The intermediate or fledgling advanced student of Virgil’s Aeneid has never been without numerous options for annotated editions of the poem. Duckworth has a series that oddly weds reprints of advanced English commentaries (Williams on 3 and 5, Fordyce on 7 & 8) with the most elementary of readers, editions complete with lexica and primarily grammatical notes.1
Book 4 is probably among the top choices for young Latinists in their first sustained experience to Virgil’s Aeneid. For those who wish a convenient, separate edition of the tragedy of Dido and Aeneas, Maclennan has provided a useful volume that can be cautiously recommended. The instructor will need to smooth over, refine, and otherwise supplement this commentary—in other words, the usual procedure for dealing with most anything written to assist with the reading of a book of Augustan Latin poetry. In what follows I will outline some shortcomings and suggest some improvements.
Maclennan’s book suffers from the problems inherent in many books of this type: it tells too much on one level while providing too little information on another. So the first page of the introduction aspires to move us from the Roman Republic to the Roman Empire, and, as one might expect, leaves more questions than answers and fails to provide novices with a coherent picture of the Roman history they might need before tackling a book of the Aeneid. Sulla is clearly important in Maclennan’s analysis of Rome’s transition, but we never learn why; indeed one might get the mistaken impression (p. 8) that Virgil’s life was lived during the conflict between Marius and Sulla. What “four-sided struggle” is Maclennan referring to as he describes the civil war between Octavian and Antony? Where is Cleopatra? Maclennan’s remark that “Juno can be seen as a negative force—but one which in some sense enjoys the support of Jupiter” (p. 26) deserves expansion, refinement, and further explanation, especially at this level of commentary. Books are sometimes mixed up; so Venus seduces Vulcan in Book 9 and not 8 (p. 27).
The mass of disparate material (Maclennan alludes to “verbosity” in his preface) is confusingly organized. We do finally get to Carthage vs. Rome in the introduction, but only after learning about Naevius, the aforementioned hasty jumble of late 1st century BCE history, and Virgil’s own literary life. Perhaps a more comprehensive historical survey, in chronological order, might have made the material easier to present and digest. But, more generally, some stuff might well have been left out: so, e.g., the italicized Homeric reminiscences that are interspersed through the summary of the entire poem. Much of this introductory material is reprinted from the author’s Book 6 edition, on the valid grounds that users might only read one or the other book—unfortunately in this case it means the confused jumble is merely repeated.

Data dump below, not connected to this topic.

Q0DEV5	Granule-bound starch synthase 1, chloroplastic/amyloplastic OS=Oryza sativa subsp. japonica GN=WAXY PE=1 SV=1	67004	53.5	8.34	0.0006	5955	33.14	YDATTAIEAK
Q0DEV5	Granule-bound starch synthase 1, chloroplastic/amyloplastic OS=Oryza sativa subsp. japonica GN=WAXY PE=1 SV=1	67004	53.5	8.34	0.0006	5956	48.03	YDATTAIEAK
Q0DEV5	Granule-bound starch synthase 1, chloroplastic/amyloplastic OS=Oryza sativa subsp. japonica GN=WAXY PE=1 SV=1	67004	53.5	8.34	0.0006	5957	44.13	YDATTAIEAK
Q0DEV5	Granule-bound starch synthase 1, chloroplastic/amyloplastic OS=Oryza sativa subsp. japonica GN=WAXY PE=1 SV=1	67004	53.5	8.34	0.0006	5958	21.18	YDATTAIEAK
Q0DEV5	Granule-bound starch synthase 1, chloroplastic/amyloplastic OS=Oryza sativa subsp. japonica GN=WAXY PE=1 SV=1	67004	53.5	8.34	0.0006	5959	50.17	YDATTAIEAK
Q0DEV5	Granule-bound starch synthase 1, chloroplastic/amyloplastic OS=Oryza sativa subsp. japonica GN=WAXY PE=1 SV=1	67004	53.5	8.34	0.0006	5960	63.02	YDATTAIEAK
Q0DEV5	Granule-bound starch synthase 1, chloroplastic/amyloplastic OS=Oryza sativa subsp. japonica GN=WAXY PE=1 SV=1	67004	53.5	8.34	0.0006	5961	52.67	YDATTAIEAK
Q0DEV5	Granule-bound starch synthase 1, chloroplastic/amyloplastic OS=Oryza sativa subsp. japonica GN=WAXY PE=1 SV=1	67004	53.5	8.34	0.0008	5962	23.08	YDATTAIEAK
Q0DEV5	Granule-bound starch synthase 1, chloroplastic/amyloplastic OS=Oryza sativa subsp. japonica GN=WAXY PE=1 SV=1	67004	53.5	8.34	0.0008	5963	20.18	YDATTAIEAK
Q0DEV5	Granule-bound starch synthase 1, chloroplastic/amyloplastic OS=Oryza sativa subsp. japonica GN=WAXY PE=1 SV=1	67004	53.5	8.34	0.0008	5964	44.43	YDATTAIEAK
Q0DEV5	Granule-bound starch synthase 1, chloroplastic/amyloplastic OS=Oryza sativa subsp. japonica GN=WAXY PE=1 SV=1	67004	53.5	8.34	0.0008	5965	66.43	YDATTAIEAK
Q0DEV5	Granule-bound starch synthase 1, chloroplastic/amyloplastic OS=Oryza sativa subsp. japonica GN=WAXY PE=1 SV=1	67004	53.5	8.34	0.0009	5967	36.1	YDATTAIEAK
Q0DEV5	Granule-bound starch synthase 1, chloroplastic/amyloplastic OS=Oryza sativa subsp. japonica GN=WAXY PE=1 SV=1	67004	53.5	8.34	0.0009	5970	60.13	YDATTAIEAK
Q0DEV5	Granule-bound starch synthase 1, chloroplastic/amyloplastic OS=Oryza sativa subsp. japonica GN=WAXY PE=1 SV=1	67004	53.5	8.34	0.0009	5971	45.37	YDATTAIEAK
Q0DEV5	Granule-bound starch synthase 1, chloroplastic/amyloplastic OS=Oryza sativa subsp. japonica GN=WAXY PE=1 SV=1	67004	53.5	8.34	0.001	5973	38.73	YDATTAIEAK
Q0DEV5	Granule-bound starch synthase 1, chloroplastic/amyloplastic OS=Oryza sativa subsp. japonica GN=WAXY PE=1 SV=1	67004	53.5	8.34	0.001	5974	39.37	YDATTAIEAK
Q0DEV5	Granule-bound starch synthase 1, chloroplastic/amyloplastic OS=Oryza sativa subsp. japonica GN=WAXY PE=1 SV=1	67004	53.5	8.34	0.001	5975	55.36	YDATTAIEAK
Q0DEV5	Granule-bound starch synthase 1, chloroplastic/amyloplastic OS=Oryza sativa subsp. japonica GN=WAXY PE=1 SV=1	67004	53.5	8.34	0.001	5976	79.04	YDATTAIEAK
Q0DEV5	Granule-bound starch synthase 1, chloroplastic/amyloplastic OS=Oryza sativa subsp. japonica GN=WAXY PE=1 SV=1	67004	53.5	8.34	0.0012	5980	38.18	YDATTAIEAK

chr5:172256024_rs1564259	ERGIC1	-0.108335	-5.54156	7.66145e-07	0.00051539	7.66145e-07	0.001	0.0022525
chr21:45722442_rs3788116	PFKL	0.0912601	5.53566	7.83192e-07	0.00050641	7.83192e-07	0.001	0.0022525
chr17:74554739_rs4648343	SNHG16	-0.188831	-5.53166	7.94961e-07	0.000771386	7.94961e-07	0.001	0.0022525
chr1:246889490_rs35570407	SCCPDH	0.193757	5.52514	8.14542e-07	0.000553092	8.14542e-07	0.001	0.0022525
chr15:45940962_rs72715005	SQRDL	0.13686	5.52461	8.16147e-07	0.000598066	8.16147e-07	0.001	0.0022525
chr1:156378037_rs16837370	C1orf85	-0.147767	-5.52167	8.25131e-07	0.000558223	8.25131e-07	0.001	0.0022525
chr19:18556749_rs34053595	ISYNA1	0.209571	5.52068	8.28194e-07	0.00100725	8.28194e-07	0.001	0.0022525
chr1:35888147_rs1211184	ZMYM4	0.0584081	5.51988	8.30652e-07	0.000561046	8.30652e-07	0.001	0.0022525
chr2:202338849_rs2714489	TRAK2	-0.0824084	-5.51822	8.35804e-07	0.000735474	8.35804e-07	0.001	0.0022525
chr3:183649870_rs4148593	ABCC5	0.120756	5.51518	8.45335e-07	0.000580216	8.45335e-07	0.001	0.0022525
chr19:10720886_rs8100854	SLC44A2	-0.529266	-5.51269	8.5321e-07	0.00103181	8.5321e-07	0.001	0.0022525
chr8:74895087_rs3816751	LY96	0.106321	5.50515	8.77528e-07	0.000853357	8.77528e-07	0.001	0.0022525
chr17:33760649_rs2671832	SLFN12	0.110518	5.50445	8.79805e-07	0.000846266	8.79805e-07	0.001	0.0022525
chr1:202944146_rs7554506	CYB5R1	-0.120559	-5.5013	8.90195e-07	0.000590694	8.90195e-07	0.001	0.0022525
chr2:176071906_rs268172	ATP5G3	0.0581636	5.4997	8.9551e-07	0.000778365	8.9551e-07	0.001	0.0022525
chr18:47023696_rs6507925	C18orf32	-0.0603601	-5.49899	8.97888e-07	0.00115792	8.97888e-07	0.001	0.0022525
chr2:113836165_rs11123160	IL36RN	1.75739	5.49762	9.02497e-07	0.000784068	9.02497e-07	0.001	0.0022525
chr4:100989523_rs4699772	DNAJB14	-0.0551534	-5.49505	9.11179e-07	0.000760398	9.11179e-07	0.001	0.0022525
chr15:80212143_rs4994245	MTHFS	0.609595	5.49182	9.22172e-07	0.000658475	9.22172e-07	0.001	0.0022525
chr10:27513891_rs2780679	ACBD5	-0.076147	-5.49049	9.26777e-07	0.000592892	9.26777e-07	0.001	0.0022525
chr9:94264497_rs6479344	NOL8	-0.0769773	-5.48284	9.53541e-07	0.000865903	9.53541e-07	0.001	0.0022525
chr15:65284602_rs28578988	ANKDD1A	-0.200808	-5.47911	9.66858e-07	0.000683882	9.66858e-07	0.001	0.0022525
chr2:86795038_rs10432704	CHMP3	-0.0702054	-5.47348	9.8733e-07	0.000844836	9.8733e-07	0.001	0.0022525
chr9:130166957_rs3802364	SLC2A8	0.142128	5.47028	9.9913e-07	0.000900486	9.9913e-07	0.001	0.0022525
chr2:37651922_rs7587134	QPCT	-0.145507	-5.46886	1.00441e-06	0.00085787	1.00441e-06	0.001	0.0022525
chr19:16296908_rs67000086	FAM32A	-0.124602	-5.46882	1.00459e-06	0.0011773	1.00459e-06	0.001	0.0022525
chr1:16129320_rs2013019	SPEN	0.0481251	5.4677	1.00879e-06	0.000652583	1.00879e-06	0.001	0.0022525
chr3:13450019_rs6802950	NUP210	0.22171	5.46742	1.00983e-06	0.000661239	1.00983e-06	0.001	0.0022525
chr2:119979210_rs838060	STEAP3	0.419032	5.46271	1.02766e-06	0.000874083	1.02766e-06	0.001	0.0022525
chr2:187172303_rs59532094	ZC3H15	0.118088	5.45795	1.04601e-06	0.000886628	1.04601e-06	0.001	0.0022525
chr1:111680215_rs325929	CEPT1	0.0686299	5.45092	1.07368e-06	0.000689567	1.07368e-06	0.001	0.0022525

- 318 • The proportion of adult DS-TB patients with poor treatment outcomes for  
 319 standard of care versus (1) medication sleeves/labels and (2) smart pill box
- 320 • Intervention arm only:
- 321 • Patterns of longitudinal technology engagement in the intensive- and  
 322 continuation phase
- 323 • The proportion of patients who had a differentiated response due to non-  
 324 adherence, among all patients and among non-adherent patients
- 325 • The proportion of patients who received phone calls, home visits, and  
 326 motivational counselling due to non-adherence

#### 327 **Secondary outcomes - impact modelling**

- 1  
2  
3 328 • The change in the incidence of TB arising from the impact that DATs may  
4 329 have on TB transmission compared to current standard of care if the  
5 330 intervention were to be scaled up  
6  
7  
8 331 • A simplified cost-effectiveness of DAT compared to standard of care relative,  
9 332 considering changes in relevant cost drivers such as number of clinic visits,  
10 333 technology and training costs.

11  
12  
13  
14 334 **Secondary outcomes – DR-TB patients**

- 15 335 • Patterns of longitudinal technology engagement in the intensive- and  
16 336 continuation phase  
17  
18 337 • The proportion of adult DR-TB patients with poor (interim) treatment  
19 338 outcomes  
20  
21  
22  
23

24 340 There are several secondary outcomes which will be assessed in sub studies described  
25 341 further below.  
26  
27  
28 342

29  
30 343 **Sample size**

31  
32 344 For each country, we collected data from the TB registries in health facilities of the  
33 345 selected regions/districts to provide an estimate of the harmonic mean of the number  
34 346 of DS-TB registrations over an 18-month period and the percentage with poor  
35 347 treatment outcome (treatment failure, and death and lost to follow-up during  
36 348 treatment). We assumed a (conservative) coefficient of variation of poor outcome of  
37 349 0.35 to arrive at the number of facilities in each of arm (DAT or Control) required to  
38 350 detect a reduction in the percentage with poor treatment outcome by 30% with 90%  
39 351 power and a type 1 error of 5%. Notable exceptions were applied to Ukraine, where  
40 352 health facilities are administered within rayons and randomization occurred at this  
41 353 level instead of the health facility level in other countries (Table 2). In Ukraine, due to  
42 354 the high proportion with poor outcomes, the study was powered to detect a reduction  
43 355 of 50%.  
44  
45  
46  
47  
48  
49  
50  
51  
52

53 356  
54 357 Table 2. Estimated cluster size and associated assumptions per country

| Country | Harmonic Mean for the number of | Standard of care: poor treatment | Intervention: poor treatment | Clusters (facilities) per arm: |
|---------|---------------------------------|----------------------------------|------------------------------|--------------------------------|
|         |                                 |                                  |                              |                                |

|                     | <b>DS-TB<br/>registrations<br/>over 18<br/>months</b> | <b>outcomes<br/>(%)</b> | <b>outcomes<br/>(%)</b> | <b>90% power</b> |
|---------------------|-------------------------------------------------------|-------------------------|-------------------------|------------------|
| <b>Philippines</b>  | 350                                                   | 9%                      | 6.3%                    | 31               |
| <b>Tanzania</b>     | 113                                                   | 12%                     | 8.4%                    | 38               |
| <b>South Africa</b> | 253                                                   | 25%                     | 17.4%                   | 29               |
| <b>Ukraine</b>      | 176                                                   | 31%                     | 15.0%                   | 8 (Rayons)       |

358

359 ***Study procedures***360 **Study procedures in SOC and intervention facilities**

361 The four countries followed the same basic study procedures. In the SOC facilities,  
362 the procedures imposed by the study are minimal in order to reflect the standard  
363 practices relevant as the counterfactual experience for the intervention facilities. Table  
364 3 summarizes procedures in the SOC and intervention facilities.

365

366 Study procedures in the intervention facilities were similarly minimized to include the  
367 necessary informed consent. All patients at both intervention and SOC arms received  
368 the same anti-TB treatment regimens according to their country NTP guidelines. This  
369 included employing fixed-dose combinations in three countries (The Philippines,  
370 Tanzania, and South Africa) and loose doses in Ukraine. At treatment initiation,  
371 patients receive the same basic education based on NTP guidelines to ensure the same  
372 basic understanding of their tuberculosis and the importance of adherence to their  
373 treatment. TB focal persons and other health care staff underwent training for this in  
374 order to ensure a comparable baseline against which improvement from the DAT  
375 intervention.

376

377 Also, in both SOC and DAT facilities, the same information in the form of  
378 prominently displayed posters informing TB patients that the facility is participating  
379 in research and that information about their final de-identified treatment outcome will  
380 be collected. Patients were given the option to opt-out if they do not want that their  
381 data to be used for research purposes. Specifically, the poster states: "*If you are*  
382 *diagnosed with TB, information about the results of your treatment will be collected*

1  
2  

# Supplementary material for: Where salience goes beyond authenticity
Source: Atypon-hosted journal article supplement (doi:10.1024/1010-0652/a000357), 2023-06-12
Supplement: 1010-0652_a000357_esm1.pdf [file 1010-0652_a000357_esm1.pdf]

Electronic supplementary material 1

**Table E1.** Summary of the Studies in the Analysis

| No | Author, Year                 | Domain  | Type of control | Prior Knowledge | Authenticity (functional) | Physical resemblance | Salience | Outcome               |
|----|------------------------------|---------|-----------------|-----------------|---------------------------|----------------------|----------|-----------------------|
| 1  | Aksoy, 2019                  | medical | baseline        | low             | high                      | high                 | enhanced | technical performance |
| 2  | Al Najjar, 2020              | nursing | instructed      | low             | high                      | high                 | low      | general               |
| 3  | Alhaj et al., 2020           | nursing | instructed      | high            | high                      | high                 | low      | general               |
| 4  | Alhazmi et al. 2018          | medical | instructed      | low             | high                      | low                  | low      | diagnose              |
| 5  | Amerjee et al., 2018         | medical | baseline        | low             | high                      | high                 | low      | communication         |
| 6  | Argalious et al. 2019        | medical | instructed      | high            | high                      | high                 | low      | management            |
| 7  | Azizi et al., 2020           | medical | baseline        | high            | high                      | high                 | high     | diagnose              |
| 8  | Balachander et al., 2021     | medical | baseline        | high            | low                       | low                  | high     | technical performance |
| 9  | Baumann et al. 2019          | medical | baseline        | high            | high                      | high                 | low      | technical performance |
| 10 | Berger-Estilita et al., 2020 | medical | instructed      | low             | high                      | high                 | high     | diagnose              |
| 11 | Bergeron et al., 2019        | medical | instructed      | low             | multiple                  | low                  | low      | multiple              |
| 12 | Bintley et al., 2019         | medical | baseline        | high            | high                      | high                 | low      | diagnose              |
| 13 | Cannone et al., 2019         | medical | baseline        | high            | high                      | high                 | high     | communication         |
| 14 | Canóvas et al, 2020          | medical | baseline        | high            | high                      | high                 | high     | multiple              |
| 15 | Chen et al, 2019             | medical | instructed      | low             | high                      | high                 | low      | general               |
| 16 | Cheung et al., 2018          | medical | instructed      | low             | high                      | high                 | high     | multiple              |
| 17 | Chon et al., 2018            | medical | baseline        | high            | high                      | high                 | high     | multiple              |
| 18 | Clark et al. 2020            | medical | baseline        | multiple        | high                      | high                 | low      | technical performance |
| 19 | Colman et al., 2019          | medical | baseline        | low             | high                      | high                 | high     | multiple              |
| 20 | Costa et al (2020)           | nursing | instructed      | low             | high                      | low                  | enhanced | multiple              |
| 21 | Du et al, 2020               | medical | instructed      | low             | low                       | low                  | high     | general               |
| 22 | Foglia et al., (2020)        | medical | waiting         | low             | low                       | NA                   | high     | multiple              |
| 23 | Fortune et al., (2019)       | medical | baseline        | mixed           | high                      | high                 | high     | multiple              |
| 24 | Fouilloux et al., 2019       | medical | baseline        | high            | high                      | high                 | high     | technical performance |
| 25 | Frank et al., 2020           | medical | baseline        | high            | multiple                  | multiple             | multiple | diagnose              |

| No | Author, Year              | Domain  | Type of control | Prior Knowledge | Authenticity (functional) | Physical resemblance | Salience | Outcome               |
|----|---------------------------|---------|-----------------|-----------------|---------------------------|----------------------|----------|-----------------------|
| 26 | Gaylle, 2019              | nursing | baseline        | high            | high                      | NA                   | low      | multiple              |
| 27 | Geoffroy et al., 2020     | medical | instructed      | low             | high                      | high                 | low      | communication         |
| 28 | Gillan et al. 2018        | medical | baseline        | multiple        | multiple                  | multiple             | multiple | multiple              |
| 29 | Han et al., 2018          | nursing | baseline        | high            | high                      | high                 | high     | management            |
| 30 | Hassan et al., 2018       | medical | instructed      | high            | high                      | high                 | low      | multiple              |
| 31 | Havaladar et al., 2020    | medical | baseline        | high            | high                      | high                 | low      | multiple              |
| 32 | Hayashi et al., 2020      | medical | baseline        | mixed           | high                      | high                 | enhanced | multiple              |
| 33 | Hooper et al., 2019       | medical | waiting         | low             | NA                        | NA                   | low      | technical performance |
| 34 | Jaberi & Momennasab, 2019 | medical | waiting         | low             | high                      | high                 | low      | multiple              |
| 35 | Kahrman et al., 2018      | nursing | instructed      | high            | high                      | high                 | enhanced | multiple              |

The section on the similes of Book 4 is quite useful; so, too, the extensive metrical introduction (which is probably too much for most users of this edition, but still a helpful reference). It might have been desirable to have the apparatus reprinted from Mynors’ OCT; the notes do deal with textual issues, but even at this level students should become accustomed to variant readings. The index of “literary, grammatical, and metrical terms” is a valuable aid, though I wonder if the very frequent asterisks in the commentary are more distracting than useful.
Some problems could have been improved by an editor’s watchful eye (inconsistencies abound—Pompey the Great is sometimes Pompeius Magnus, et sim.); the “Some reading” section (pp. 47-48) is exceedingly sloppy : we find the OCD of 1948, “and later editions”; one gets the impression that Pease’s Aeneid 4 was published in Darmstadt in 1967 (the reprint) rather than Cambridge in 1935; the student is sent for general study to an essentially late 60s bibliography except for Gransden’s slight 1990 monograph (not cited with Harrison’s improvements thereto) and Griffin’s slighter (though sounder) 1986 volume. Oddly, Maclennan thinks that unfinished lines constitute “metrical rarities” (p. 46). Were the Cretans “never in the mainstream of classical culture”? (p. 98), and does Aeneas really play a “surprisingly small part in Book 4?” (p. 20). The note on the quite difficult (for beginners) 11 quem… ferens gives the incomprehensible “bearing himself in his face as what a man!, i.e., ‘how proud his expression'”, with no explanation of the grammar. The “pale shadows” of line 26 merit the pedantic observation that “shadows are dark”—Latin umbrae here, pace M., has nothing to do with what we find on a summer day. 37 placito is not really “irregular”. The note on 275 regnum (p. 114) betrays a misguided notion of what happened in 476 CE. The note on 360 sends us to “March” without reference. “Kennedy’s Latin Primer”, cited for grammatical notes passim, is not necessarily familiar to most neophyte Latinists and is a somewhat odd choice for citation alongside the OLD, which most users of this commentary will probably not consult.
Despite these shortcomings, the volume is useful if used with caution, and it is good to have a separate edition of Book 4 available for use in the classroom.
1. Duckworth now also publishes the old 2-vol. Macmillan red edition of Williams ( The Aeneid of Virgil, Books 1-6, Books 7-12, London, 1972-1973) on the entire poem.